“But I hope you have a great evening.

“When are you next free?”

It’s plausible and relatable.

And whatever you do, don’t invent an elaborate excuse.

“Being honest is the best policy,” Niels advises.

“It will show respect as well as allowing discussion about how you are feeling.”


Tempted to blab: “I know, I’m the worst, sorry!”

Acknowledging your flakiness may feel cathartic, but William advises staying away from the pity party.

“It shifts the focus back on you and puts the pressure on your friend to make you feel better by reassuring you, diminishing your guilt and validating your decision to blame your flakiness on an imaginary character flaw,” he explains.

“Instead, be confident in your decision, reiterate that you’re not rejecting them and that you value how they feel.

“A genuine friend will respect your feelings – and you’re valid in saying something if they guilt-trip you or make you feel uncomfortable.” 


Text and WhatsApp may have armed us with an easy out that doesn’t involve letting someone down face-to-face, but sending a message isn’t always the ideal way to abandon plans.

“Technology gives the perfect excuse to ditch last-minute, but this can often leave people feeling angry and hurt,” Niels says.

“Give them a call so they can hear the authenticity in your voice – it’ll mean more.” 


Watching the event you bailed on unfold on Instagram Stories will only fuel your FOMO (fear of missing out) and make you second guess a decision that you know is right in the long run.

Equally, your friends don’t want to see a play-by-play account of your Netflix marathon on Twitter when you were supposed to be with them.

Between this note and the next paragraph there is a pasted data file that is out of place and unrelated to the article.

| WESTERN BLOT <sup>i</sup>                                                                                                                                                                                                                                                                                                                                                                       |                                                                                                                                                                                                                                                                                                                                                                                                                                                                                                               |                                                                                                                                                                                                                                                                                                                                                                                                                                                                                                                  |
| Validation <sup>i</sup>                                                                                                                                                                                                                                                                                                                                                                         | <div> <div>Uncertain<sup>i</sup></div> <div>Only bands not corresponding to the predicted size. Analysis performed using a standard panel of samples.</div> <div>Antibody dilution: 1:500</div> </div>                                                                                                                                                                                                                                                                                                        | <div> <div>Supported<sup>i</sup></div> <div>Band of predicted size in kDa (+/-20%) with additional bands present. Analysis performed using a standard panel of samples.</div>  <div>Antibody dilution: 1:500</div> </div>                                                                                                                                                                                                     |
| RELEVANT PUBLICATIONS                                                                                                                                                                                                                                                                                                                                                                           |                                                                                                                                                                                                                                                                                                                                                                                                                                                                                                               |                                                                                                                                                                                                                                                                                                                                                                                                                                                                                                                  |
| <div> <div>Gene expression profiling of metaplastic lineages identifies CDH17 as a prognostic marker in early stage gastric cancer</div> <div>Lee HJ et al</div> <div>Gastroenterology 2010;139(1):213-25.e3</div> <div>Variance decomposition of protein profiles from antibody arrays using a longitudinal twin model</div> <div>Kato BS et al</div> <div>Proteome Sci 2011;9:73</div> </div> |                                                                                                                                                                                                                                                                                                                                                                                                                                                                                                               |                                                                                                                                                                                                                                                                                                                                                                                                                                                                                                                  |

Instead, use this phone-free time to get a good night’s sleep – after all, one study from the University of Pittsburgh found that those who check social media right before bed were around 1.5 times more likely to experience more disturbed kip.


“Get a date in the diary ASAP for a rescheduled meet-up, so they don’t feel too fobbed off – and keep to the new date,” says William.

Booking tickets to a film you know your friend is dying to see, or suggesting coffee and cake at their favourite cafe, not only makes up for the missed date, but also shows you’re considering their feelings.

Download the free Raft app for iPhone for a quick and easy way to chat, share your calendar with friends and find things to do together that you won’t want to skip.


It’s nice to be nice, but not if it leaves you plotting your exit strategy as soon as you agree to another get-together.

“If the word ‘should’ is hanging around your decision, it’s a red flag,” Anna says.

“Accepting because you feel obligated will lead to flaking out.” 

Niels suggests getting acquainted with your calendar.

“Schedule ‘me-time’, then if someone invites you out on an evening you’ve blocked out, you can honestly say you already have plans.”

Download the free time-blocking app SkedPal to integrate some non-negotiable downtime.


The deed is done and you have a blissful uninterrupted night ahead of you – hurrah!

Now what? Maximise your downtime and reclaim your headspace with a little guilt-free R&R.

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“This is the time to do all of the things that bring you joy,” Niels suggests.

“It could be watching a movie with a takeaway, taking a hot bath or doing some exercise – whatever brings you the most happiness. Switch your phone off, disconnect from anything that’s going to drain your energy, and really recharge those batteries.”